The arrow of time

Scientists often talk about ‘The arrow of time’. That time moves in one direction only. This is nonsense and shows how narrow the twenty-first century view on science has become.

Time is a dimension, in the same way as length, height and width are dimensions. If you climb up a hill and look down you can see the land laid out before you. You can view the dimensions of width and length. Similarly, if you could go into the fifth dimension, you would be able to see the four space-time dimensions laid out before you. It would be like opening book and seeing any event and then moving to see it’s outcome.

The idea of the arrow of time is because scientists have certain assumptions that they need to accept without question. One of them is the concept of cause and effect. An action produces consequences. Science is the process of relating a cause to the effects. If the there is no arrow of time, then causality in this sense becomes indeterminate. Science, then, is based on assumptions of how the world works.

There’s nothing wrong with this so long as science works within these assumptions, but frequently it gives rise to circular arguments. Someone at a table knocks a glass over and it drops and breaks. The physicists tells us that it hit the floor with a certain force. The chemist tells us that the glass can withstand a certain impact before it breaks. But why did the person drop the glass? Was he clumsy or nervous? A car crashes on a road and kills the driver. Again, the scientists can tell us after the event what the forces were but why did the driver get into that accident at that time?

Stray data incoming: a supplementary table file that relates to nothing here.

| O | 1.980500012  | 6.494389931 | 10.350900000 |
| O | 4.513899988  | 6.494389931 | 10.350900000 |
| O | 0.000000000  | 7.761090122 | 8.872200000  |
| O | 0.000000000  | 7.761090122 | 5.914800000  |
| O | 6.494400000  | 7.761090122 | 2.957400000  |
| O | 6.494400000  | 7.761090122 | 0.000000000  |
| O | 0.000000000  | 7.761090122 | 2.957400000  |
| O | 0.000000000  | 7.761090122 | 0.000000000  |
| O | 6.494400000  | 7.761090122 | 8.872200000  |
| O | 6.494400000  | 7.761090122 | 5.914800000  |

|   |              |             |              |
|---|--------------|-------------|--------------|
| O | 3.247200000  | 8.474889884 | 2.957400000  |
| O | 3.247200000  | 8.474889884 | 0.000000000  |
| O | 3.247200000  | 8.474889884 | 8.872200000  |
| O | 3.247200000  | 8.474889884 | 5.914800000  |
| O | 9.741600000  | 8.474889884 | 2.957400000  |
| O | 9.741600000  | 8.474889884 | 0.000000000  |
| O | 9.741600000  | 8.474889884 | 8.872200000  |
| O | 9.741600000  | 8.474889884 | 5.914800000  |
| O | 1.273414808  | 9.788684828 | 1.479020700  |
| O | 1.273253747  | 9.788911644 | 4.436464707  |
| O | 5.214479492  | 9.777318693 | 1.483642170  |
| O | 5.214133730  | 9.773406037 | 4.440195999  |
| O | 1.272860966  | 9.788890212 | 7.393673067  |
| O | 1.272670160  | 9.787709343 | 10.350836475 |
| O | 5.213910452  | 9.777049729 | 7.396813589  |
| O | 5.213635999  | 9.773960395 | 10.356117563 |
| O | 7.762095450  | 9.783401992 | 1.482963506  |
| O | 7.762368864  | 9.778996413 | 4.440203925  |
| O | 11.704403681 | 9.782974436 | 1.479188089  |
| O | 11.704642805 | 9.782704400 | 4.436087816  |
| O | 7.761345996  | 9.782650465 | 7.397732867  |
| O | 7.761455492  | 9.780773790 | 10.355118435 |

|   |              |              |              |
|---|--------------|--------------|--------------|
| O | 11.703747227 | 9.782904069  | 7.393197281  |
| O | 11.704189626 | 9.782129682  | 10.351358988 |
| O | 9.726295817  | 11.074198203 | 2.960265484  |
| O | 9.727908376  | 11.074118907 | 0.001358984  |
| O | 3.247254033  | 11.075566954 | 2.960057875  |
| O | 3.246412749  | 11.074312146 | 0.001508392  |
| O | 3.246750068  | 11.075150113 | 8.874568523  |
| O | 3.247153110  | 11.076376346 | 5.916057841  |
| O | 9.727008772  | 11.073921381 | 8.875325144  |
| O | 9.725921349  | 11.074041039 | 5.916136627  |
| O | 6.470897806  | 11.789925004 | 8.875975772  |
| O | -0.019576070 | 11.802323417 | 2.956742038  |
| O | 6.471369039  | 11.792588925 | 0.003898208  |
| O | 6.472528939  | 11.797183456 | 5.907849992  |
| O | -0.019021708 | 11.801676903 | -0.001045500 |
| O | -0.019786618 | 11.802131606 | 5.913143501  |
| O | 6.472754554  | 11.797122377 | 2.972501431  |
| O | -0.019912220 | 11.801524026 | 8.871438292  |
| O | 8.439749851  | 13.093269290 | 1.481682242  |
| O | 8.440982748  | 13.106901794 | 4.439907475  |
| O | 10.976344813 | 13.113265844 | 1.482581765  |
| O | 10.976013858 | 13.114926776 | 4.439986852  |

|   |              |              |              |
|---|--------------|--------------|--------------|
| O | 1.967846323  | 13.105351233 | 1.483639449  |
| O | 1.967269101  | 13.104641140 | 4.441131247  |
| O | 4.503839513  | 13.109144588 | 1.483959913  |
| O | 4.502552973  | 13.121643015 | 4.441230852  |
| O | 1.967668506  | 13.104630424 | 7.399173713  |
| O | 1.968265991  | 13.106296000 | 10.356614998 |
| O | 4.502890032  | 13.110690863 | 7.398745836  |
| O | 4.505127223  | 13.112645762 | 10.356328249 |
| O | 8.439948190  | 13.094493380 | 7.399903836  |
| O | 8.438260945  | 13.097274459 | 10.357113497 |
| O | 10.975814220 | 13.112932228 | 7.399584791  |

Science tells us how, not why.

Religion is also based on assumptions. Often these assumptions are clearly stated, however scientists rarely know what their assumptions are and even change them when it suites them. Any study of the philosophy of science will illustrate this.







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